Built in 1889, by Willamette Iron and Steel Company of Portland, Oregon (hull #1) as the Wallowa for the Oregon Railroad and Navigation Company of Portland, Oregon.
In 1929, the tug was acquired by the Foss Launch and Tug Company of Tacoma, Washington. Where she was renamed as the Arthur Foss.
In 1933, the tug was acquired by Metro-Goldwyn-Mayer movie studio of Beverly Hills, California. Where she was renamed as the Narcissus. And, was featured in the 1934, MGM film "Tugboat Annie," with Wallace Beery, and Marie Dressler.
In 1934, she was retuned to the Foss Launch and Tug Company of Tacoma, Washington. Where she was renamed as the Arthur Foss.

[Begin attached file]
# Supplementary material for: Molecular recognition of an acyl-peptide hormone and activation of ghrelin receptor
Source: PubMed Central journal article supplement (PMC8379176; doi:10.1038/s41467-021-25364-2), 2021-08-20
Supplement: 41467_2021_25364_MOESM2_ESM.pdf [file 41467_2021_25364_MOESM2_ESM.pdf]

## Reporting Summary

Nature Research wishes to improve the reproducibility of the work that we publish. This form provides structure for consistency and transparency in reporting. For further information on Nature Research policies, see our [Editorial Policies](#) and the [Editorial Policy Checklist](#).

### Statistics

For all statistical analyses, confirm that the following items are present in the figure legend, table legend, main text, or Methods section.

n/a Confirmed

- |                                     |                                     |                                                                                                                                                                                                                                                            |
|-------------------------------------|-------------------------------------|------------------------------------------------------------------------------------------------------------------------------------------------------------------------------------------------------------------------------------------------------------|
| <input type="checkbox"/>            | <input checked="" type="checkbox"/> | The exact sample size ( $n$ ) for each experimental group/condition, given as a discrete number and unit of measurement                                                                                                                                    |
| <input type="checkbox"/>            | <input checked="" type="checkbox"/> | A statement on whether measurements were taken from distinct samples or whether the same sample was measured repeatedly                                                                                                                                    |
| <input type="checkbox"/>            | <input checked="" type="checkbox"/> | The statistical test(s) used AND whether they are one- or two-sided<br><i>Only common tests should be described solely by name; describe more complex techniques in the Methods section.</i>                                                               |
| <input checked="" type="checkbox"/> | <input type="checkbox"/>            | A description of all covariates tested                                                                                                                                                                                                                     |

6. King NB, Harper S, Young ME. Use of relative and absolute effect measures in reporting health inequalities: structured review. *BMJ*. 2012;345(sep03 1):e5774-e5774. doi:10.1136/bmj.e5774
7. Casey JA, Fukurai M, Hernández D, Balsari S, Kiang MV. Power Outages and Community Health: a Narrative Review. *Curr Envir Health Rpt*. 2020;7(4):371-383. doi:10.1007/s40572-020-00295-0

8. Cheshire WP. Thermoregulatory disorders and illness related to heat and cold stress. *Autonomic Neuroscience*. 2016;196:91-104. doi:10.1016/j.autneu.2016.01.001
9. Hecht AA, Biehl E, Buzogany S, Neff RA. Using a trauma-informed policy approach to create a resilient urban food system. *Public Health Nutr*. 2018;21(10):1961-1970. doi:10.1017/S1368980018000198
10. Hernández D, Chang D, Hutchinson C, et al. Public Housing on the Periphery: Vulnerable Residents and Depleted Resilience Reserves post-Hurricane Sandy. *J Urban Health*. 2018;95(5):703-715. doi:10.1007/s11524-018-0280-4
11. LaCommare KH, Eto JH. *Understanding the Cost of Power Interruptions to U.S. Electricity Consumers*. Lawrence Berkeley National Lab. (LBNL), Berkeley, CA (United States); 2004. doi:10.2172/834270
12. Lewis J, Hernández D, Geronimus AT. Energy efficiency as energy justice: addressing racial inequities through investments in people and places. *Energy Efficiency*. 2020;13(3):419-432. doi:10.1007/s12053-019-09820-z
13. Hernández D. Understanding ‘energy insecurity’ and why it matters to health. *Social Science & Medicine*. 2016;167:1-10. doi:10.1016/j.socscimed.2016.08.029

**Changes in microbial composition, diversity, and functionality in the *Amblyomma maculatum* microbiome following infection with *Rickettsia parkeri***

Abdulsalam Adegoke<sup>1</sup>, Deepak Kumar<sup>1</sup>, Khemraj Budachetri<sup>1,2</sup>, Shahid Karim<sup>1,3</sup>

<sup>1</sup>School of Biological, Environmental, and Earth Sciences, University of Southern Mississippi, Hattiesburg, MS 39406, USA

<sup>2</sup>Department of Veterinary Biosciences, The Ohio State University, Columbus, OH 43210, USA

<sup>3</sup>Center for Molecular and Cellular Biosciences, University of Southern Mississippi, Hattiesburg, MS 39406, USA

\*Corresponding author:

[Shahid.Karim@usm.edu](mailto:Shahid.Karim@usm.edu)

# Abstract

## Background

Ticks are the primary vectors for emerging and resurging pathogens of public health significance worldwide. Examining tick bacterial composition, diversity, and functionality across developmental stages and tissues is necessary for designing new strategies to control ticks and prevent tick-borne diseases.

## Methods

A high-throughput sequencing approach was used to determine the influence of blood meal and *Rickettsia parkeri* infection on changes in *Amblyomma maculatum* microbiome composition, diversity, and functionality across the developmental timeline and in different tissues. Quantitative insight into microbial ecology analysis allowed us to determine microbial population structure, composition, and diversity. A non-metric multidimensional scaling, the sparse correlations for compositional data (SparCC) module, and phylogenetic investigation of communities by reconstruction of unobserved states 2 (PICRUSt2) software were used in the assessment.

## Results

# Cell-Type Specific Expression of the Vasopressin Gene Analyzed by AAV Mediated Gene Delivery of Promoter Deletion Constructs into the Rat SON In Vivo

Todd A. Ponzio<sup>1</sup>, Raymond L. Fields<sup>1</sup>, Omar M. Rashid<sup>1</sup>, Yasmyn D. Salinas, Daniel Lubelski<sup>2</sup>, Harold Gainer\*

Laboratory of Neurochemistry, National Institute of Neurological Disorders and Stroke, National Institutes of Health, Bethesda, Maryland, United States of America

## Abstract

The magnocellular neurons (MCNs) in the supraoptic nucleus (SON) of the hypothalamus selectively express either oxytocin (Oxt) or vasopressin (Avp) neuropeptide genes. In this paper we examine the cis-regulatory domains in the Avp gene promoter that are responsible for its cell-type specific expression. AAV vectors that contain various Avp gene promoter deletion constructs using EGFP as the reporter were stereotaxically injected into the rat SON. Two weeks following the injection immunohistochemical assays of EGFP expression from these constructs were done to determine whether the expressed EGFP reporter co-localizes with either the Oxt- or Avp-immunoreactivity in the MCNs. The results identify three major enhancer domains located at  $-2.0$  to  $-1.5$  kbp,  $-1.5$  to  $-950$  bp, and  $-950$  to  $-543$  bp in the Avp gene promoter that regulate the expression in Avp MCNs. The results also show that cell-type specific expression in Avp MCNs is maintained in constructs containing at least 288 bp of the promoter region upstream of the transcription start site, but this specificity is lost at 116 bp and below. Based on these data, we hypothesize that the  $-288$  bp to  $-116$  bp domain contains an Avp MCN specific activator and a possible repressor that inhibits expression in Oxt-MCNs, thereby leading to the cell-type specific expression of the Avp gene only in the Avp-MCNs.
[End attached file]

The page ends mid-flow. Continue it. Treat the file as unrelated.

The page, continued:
In 1942, the tug was requisitioned by the United States Navy. Where she was designated as the YT-335 (Dohasan).
In 1942, she was the last vessel to escape from Wake Island in January 1942. Prior to Japanese forces attacking and capturing the island.
In 1946, she was returned to Foss Launch and Tug Company of Tacoma, Washington. Where she was renamed as the Arthur Foss.
In 1970, the Foss Launch and Tug Company donated the tug to the Northwest Seaport Museum of Seattle, Washington.
In 1981, the tug was restored to operating condition. And, was moored at Lake Union Park in Seattle, Washington. The Maritime Heritage Center's berth for visiting. She travels the Puget Sound with a volunteer crew taking part in various maritime festivals.
In 1989, she was declared a National Historic Landmark. The Arthur Foss is the only known, wooden hulled, 19th century tugboat still afloat. And, in operating condition in the United States. Powered by a single, six-cylinder, diesel engine. She is a single screw tug, rated at 700 horsepower.
(Kyle Stubbs, NavSource Online)